2017. It is a new year, a time of new snow, and a time for new ideas. I suggest one counter-cultural notion for all of our consideration that is more often expected from a right-wing thinker than a soft leftie like me: what if legal classrooms are not meant to be safe spaces? What if they need to be raw with articulated disagreement and debate in order for learning, and democracy, to take place?
The echo chambers of the 2016 U.S. election have insight to offer us about legal education. My resolution for 2017 follows from this. I want to encourage disagreement to take place within my classrooms when I teach. My resolution for 2017 is to do as Desmond Tutu says, “If you want peace, don’t talk to your friends, talk to your enemies.”
The creation of “echo chambers” via social media with the proliferation of biased, or false, or simply a certain genre, of news, has been demonstrably shown to have materially contributed to the result of the U.S. Presidential election. It is abundantly evident that Americans are not talking to each other. The left dismissed the right as “deplorable” and the right derided the left criminal (“lock her up”). Each side was rendered invisible to the other in no small part through the creation of echo chambers, with the possible assistance of Russian propaganda.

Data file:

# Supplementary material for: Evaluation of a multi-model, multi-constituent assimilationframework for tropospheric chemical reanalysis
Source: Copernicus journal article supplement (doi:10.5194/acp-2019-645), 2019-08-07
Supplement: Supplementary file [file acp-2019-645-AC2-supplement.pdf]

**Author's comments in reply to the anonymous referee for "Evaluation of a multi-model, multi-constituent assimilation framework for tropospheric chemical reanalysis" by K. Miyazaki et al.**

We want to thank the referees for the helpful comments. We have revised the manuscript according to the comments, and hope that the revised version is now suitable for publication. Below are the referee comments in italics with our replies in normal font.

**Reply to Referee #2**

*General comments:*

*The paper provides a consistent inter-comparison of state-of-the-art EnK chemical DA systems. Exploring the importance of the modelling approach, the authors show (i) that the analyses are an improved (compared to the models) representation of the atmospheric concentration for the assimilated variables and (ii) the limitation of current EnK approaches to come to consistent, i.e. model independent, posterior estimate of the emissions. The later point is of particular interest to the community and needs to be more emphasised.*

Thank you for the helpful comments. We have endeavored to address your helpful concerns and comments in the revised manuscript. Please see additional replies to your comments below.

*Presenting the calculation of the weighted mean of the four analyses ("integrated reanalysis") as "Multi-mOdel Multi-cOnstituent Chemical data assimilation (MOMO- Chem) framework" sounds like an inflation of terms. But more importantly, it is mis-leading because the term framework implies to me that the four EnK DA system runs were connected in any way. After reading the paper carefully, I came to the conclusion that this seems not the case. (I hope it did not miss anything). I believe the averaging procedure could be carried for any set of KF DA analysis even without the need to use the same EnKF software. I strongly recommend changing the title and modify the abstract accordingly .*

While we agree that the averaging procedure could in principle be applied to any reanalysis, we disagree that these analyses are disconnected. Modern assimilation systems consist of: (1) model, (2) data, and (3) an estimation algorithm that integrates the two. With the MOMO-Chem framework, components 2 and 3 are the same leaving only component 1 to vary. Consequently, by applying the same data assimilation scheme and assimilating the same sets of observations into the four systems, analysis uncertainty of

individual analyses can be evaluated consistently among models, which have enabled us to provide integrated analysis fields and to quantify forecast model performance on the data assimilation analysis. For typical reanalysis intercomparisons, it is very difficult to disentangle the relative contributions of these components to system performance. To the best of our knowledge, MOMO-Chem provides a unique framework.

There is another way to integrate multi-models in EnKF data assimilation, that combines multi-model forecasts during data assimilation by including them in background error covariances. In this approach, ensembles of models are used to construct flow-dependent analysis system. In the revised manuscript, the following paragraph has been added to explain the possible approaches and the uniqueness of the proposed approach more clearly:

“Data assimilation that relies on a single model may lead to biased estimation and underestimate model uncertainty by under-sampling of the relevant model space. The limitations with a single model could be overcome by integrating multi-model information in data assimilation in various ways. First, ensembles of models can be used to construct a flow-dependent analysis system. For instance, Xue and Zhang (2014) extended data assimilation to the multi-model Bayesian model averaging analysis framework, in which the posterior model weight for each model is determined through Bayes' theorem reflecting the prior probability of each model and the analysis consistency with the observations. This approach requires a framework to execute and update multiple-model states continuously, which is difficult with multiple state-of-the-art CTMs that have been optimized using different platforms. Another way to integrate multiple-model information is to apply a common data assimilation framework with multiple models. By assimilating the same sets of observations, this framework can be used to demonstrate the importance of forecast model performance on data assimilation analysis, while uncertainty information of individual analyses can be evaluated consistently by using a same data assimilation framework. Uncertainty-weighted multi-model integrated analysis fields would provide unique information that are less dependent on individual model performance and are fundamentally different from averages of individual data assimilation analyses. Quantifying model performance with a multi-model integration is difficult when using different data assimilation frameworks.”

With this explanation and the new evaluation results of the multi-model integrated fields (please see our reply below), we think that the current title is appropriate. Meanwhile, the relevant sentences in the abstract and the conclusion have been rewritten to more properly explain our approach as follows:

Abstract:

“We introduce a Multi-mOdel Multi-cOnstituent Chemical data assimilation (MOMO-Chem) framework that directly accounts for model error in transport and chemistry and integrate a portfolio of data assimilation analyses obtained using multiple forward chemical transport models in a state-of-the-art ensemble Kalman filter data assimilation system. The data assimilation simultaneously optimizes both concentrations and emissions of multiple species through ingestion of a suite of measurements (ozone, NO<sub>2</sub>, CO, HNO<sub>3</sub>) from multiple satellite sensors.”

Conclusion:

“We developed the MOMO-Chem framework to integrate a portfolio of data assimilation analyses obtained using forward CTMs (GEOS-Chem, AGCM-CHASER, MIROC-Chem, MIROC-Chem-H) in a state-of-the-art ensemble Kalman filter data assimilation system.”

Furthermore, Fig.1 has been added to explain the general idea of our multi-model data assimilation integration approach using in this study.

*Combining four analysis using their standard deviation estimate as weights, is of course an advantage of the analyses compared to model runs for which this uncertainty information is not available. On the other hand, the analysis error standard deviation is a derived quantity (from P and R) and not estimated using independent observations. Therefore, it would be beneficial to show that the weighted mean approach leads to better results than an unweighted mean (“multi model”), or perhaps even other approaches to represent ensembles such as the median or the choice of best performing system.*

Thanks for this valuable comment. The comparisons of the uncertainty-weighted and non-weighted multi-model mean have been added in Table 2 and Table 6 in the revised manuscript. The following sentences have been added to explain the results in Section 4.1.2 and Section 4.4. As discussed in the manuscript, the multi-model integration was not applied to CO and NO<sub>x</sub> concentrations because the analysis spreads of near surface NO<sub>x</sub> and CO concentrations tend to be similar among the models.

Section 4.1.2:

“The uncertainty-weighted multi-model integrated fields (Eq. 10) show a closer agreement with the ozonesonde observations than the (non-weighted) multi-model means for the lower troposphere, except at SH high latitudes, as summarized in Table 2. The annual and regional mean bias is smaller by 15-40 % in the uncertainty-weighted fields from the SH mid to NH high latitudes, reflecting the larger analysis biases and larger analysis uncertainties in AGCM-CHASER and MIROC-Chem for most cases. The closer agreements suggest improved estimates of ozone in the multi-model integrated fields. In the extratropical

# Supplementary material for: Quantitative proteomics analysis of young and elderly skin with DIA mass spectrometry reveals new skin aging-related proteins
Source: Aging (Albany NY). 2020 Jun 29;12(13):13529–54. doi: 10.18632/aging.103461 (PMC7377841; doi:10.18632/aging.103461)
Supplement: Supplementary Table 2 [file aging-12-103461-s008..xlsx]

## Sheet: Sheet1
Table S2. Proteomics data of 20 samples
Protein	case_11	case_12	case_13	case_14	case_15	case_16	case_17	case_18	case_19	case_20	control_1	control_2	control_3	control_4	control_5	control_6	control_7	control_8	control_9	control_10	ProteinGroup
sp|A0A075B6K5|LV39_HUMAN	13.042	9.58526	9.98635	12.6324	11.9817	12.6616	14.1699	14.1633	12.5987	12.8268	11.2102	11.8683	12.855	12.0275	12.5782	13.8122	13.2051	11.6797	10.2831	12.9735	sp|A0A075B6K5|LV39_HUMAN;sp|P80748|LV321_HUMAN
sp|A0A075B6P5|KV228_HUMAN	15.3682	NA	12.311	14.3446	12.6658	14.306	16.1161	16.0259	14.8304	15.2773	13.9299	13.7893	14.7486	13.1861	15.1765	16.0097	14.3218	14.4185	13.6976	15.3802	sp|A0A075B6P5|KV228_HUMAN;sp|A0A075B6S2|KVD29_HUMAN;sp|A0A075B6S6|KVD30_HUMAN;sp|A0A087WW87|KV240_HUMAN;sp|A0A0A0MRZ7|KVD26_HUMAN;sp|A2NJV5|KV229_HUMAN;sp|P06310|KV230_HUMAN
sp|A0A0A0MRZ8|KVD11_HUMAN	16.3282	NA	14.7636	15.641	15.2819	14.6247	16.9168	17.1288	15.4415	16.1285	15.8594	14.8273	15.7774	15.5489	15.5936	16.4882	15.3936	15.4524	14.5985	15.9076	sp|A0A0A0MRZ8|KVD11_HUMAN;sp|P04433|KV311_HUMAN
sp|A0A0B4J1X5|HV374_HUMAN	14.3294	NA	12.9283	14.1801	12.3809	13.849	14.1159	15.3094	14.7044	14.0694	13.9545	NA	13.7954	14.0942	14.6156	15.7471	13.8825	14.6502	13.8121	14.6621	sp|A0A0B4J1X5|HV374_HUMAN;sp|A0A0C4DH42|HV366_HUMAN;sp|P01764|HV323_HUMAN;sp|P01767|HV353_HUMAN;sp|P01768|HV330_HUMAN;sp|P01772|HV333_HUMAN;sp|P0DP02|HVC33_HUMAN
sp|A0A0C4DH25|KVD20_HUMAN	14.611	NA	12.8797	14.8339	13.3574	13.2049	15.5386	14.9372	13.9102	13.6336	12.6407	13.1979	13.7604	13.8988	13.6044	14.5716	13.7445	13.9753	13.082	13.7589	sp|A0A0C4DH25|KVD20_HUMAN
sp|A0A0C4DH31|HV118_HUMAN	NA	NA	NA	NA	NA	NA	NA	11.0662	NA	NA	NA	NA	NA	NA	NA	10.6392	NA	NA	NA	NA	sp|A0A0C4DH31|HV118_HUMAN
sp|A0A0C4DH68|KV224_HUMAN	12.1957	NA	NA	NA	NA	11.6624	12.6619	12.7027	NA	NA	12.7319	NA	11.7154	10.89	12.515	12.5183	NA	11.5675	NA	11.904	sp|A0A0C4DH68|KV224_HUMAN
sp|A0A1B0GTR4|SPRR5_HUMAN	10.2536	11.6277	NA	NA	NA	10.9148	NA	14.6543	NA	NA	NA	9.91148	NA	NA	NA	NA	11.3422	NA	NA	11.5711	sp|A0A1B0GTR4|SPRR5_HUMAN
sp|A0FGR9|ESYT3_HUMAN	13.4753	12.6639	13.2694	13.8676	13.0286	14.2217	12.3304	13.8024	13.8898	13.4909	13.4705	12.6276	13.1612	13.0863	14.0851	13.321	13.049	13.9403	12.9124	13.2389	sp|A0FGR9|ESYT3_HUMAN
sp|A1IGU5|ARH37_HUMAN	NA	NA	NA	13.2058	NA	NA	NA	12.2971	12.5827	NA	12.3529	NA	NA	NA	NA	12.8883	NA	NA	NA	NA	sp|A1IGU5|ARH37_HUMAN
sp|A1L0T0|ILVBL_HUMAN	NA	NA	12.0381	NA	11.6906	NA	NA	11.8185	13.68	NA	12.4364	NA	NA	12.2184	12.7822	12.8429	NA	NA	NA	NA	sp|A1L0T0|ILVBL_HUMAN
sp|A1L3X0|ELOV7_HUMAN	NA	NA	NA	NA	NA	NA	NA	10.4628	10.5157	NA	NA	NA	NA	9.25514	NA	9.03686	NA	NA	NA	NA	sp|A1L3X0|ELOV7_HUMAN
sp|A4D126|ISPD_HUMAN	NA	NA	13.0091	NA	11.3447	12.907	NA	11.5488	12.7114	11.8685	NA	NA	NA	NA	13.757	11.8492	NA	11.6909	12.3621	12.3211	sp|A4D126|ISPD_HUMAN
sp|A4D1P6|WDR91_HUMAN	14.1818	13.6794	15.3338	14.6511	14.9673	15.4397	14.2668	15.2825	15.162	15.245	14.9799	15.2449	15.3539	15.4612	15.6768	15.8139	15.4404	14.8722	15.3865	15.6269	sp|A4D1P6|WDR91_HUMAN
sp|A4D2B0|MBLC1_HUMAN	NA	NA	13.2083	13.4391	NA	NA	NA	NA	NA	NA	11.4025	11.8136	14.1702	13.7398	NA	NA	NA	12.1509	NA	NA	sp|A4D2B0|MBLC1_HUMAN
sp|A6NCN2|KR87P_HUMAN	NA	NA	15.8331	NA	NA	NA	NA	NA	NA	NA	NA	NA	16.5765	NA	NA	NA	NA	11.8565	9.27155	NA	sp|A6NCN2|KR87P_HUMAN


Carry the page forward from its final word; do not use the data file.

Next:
Social media echo chambers are not just a U.S. phenomenon. Facebook is partly responsible by using algorithms to serve up to its users news stories they are expected to “like”. In so doing, it prevents people from seeing news and views with which they might disagree. Twitter, this November, suspended the accounts of several alt-right commentators. As my colleague Richard Jochelson argued in a recent post, we need to hear the voices that “do not make [us] feel warm and fuzzy…. The academic left does not like to hear from its enemies.”
With the popular ascendancy of growing concern about what is “triggering” and ever-expanding codes of conduct for classroom conversations, I worry we are creating similar, but real life, echo chambers in legal education. The questions of the extent to which legal classrooms currently are, and the extent to which they should be, echo chambers, are relevant of course to the Charter challenges to the attempt of Trinity Western University to open a law school, the progress of which is discussed in this recent CBA National blog post.
TWU is, in effect, trying to create a “safe space” for faith based discussion of law. Whether TWU is legally permitted to open its own Christian-based law school that includes a community covenant that prohibits same-sex contact even between married spouses (not recognizing same sex marriage) is a question before the courts. I am less interested in whether it is legally permissible for this to go forward than in a related question: Whether the protection and fostering of homogenous ideological communities should happen within legal education. I think it should not.